Didn't we just go through this with Final Fantasy VII? Someone wants to make a Metroid fan film. They're raising $US90,000. They don't have any agreement with Nintendo. Of course they don't.
Metroid: Enemies Within launched on Kickstarter on Friday and seeks to fund a 10-minute film pitting Samus against Sylux, the antagonist from the Metroid Prime series. (That's a storyboard sequence of it above). The makers are Massive State, a studio that, according to their Kickstarter FAQ, self-financed a $US65,000 fan film based on the graphic novel Y: The Last Man, a franchise that may actually become a real movie at some point.
They're very careful to say throughout the pitch that their Metroid project is not-for-profit. "There will be no profit made on this film," they say. That's hardly the point. For example, I have an idea of adapting The Flash for a movie in which Barry Allen is an alcoholic freakshow performer who races cars, on foot, at a dirt track in Idaho. I think it's excellent. (Evan thinks it's shit, but c'mon, what does he know?) I don't get to impose that vision of the character on DC Comics so long as my work breaks even (after paying myself for the legitimate expense of writing the screenplay, of course.)
That's because I do not own the character. I do not get to decide, unilaterally, the works in which he will and will not appear, and how he is portrayed in them. If I want to explore the concept of an alcoholic freakshow performer who is fast enough to race cars on foot at a dirt track in Idaho, I need to do that with a character named not The Flash. It's dispiriting to see people who tout Hollywood experience and credentials show so little respect to the concept of creative control.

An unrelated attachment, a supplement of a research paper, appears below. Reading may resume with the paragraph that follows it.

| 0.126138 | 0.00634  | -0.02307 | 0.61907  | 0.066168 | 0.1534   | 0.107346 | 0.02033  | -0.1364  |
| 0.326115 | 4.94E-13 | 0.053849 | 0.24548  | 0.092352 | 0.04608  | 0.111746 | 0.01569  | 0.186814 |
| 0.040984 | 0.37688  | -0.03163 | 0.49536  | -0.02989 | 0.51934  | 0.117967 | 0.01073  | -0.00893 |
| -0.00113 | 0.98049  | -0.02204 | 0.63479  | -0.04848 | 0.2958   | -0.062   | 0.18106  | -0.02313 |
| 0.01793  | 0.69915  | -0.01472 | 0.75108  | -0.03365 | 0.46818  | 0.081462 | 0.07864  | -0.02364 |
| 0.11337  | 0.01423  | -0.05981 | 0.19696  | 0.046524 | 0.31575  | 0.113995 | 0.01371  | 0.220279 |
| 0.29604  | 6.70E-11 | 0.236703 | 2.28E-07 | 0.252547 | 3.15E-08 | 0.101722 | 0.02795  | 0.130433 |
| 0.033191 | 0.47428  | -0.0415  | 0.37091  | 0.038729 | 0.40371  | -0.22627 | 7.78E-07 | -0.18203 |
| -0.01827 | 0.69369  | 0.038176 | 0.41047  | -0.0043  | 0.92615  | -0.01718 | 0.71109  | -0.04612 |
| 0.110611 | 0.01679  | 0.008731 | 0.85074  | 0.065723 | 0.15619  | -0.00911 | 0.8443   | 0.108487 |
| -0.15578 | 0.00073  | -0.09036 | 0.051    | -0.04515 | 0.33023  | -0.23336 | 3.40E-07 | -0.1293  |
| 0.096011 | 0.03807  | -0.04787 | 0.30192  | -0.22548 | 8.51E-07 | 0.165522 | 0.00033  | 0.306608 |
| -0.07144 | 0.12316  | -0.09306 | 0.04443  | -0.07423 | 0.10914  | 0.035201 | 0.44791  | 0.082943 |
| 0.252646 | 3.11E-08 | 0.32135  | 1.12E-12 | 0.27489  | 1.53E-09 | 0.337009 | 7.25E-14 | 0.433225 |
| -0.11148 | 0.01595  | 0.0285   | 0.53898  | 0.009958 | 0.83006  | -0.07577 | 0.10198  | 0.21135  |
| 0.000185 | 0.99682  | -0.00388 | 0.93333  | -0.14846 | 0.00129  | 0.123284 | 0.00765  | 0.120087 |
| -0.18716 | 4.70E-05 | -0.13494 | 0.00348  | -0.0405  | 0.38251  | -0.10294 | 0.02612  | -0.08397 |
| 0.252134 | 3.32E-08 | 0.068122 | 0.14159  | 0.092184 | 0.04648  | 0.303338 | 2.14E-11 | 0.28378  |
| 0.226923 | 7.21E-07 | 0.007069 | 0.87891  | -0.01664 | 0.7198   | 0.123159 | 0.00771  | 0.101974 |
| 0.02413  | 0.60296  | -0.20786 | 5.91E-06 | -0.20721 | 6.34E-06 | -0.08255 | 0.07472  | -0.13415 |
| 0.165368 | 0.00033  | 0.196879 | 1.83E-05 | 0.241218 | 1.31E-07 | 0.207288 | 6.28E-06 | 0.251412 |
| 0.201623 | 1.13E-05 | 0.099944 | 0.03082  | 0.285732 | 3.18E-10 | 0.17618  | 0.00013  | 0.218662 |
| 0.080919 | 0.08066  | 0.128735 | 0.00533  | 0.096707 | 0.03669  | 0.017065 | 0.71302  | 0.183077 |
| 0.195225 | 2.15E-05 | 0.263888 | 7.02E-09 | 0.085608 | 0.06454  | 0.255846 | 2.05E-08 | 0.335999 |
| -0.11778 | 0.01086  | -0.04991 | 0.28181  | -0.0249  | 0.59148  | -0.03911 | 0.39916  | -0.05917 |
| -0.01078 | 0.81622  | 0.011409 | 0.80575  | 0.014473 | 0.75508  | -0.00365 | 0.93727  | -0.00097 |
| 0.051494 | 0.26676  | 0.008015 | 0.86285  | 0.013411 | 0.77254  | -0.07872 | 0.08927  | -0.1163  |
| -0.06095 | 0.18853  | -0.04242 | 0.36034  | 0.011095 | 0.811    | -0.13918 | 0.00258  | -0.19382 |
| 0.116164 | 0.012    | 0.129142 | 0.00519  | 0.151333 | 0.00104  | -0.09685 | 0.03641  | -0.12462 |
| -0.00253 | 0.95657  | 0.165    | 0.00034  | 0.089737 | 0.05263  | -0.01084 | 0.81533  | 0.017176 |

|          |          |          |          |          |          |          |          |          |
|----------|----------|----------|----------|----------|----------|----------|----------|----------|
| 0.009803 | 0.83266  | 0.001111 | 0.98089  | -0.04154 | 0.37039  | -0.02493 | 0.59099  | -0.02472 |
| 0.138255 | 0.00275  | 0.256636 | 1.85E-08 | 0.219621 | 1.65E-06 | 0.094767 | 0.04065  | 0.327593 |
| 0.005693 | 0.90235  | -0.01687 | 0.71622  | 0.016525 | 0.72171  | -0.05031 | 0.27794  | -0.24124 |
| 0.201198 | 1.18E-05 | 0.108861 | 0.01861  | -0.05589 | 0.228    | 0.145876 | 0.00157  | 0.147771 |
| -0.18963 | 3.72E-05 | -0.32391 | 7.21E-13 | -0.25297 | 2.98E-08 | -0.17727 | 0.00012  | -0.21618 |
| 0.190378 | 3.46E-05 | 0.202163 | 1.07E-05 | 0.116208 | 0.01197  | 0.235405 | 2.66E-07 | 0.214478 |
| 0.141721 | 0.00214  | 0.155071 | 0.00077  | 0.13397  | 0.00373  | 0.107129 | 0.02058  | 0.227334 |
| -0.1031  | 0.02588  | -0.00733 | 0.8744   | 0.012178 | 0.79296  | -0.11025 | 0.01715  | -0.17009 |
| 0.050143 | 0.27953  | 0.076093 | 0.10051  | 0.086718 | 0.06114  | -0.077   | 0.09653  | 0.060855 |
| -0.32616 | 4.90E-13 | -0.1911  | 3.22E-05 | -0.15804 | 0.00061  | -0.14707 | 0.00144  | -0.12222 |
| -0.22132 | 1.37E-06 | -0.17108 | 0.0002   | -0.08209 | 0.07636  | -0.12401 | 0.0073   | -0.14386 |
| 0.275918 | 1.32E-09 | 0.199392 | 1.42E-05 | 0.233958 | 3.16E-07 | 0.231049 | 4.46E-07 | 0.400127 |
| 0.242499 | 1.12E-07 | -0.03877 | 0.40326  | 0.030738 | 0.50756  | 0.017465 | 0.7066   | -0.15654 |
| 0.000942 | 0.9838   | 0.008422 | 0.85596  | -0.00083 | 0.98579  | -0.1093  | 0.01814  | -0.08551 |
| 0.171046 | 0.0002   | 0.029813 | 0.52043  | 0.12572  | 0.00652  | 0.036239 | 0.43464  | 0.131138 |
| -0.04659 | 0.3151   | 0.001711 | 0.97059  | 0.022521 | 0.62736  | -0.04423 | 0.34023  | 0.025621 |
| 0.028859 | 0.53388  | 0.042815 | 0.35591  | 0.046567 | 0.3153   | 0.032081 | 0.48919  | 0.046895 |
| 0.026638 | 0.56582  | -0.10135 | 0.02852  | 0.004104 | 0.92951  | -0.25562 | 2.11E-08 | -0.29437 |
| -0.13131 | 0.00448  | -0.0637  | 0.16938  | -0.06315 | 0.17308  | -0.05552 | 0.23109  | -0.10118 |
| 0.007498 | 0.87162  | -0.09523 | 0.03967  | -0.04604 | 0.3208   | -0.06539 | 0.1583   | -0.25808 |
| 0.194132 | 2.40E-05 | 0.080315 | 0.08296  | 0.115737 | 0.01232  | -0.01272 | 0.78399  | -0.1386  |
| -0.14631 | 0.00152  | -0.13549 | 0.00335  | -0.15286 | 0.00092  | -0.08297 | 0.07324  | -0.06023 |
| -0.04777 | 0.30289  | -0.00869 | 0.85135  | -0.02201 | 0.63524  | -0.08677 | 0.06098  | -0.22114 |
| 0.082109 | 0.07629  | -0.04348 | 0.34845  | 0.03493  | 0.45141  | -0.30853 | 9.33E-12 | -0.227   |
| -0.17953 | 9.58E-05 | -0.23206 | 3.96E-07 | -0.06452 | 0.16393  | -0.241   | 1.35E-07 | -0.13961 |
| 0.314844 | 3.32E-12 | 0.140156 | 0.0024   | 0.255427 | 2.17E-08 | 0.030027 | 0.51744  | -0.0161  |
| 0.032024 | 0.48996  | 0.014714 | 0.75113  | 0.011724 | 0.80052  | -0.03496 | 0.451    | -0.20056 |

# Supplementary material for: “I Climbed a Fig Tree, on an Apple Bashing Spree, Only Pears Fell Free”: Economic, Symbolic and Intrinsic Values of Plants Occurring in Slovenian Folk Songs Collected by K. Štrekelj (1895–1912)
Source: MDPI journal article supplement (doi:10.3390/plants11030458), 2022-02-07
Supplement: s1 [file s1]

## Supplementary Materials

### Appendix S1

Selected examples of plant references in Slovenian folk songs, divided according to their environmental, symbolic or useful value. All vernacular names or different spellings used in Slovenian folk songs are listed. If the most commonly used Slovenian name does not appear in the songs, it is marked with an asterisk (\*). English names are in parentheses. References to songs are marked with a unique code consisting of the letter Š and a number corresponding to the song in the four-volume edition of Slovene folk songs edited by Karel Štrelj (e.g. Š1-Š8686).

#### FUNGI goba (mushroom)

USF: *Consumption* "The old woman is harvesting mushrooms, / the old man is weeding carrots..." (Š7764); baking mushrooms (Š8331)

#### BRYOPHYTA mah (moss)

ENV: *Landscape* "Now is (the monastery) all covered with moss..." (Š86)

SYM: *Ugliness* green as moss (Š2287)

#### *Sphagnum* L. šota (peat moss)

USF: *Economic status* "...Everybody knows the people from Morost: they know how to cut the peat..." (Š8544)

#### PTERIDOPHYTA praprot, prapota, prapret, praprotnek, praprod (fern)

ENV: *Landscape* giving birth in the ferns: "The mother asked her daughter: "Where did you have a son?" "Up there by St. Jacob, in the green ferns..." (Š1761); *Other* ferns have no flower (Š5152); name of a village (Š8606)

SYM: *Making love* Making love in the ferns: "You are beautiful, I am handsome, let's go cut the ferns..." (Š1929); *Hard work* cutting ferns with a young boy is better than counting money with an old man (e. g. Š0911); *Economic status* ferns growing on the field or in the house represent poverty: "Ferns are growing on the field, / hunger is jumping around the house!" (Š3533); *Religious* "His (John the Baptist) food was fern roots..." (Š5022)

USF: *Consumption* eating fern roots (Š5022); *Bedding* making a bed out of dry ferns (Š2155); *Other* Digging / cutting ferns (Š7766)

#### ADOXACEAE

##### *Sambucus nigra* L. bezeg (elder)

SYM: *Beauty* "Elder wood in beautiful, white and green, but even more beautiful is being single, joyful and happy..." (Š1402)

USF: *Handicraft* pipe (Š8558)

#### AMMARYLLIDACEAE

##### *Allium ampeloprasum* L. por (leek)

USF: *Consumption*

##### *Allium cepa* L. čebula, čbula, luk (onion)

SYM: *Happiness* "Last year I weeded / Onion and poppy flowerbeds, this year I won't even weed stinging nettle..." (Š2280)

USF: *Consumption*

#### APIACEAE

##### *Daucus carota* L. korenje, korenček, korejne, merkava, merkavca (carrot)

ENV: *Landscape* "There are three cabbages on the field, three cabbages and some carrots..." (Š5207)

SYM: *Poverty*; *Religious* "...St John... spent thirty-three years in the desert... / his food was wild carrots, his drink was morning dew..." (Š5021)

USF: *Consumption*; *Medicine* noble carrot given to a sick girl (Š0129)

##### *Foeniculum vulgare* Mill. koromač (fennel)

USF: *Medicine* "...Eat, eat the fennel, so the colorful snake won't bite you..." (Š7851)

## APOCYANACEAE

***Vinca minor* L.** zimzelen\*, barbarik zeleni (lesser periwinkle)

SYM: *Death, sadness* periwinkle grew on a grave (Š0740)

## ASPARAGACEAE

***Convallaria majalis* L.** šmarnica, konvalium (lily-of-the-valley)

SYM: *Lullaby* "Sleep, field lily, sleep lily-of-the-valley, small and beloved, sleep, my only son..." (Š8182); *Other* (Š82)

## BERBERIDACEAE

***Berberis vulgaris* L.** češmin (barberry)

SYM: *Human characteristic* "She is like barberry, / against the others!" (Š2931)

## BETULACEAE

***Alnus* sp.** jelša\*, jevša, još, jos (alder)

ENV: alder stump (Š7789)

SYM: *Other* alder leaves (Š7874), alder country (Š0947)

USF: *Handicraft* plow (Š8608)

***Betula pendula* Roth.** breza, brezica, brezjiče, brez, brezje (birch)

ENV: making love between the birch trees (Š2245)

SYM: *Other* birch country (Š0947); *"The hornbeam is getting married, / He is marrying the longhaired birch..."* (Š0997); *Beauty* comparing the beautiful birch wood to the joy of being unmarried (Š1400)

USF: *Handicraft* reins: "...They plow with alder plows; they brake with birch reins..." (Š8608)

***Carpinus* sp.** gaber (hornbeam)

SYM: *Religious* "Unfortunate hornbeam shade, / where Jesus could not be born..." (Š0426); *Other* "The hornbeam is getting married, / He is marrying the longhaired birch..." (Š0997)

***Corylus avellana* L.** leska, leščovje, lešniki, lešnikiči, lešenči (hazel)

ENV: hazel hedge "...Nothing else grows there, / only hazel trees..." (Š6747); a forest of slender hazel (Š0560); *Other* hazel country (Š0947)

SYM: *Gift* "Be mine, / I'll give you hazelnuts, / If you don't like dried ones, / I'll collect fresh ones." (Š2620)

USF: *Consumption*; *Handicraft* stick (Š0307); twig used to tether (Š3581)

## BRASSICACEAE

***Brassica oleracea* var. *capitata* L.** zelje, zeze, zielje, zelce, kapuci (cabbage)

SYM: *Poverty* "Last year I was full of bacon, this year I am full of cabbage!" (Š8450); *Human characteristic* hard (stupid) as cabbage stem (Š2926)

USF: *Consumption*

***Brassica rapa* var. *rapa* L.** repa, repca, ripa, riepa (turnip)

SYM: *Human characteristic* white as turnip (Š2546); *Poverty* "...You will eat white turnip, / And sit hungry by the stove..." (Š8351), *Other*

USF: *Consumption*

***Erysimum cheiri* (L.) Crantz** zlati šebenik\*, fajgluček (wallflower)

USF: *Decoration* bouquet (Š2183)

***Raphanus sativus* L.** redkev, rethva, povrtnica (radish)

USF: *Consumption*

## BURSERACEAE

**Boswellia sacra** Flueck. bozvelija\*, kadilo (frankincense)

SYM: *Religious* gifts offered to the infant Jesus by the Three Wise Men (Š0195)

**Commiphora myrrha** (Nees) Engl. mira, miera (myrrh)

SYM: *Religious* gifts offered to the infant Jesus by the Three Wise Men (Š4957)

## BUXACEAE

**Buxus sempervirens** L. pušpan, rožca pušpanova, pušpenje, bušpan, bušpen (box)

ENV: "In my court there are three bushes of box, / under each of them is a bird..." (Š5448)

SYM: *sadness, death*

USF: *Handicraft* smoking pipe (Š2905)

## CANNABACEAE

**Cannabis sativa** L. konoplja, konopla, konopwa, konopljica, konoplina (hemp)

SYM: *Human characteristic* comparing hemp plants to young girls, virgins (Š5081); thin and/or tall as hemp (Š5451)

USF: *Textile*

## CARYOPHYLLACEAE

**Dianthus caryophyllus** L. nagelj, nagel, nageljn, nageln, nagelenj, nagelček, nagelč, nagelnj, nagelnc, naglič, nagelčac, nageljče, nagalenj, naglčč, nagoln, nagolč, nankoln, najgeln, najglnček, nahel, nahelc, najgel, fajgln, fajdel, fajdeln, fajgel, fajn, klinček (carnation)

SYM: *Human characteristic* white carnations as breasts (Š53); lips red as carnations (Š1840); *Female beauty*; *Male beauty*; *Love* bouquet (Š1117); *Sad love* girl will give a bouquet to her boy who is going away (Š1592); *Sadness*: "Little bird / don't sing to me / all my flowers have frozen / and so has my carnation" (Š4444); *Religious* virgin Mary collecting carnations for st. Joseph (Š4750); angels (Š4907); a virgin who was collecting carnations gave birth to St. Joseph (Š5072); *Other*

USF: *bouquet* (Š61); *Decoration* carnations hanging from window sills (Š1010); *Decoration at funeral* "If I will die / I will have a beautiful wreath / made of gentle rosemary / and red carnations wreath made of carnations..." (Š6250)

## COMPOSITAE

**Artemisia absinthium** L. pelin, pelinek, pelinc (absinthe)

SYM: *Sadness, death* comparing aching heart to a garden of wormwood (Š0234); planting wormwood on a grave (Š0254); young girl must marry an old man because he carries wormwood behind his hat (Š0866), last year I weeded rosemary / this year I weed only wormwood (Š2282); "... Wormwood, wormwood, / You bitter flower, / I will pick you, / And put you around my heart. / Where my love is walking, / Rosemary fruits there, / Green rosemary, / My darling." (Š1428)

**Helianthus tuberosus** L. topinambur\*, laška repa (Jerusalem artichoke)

Nintendo has been permissive with enthusiast works that involve their copyrights and characters. Its CEO has himself said the company would not "criminalise" things borne of obvious admiration for the games they represent. But I'm sure they draw the line at money changing hands. It's why Exploding Rabbit's outstanding Super Mario Bros. Crossover, a bona fide labour of love (no money was raised to create it) exists. It's also why Exploding Rabbit, the studio behind that flash game, must develop an entirely original idea for a video game if they want to make money off the work they've done so far. They are, but that game, Super Retro Squad, has about $US2,400 in funding toward a $US50,000 goal. Metroid: Enemies Within has double the backing toward a goal about twice as large.
"Despite Metroid's massive popularity and status as being one of Nintendo's most successful franchises ever with over 17.44 million games sold, a feature film version has never materialised," Massive State writes. "We believe Metroid deserves to be made and we want to give it the Hollywood treatment."
Pardon me, who are you to decide what Metroid deserves? Is there some threshold at which a successful video game franchise becomes a public accommodation and fails its constituency by not becoming another shitty video game film? Maybe Nintendo, whose greatest character is also the butt of one of Hollywood's worst jokes, recognises that video game movies, quite frankly, suck, and doesn't want to diminish a valuable property with the same treatment -- whether or not it would make money.
Nowhere in the "risks and challenges" section of the Kickstarter does Massive State acknowledge that Nintendo lawyers could bring all of this to a grinding halt -- not with a cease-and-desist letter to them, but to Kickstarter, which is how the Final Fantasy thing got axed. They do mention that in the FAQ, but it's mostly as a money-back guarantee: If a C&D shuts down the Kickstarter before the 30-day funding window expires, everyone gets their dough back. Of course, that raises the question of what would happen if Nintendo sicced its lawyers on them after the Kickstarter was completed and the funds distributed.
I don't think it'll get that far. Would a well made Metroid film be great? Hell yes, of course. But that's the thing about our new crowdsourced reality, and the only thing it can guarantee: If you can dream it, you can pay for it. Whether you get it is another matter.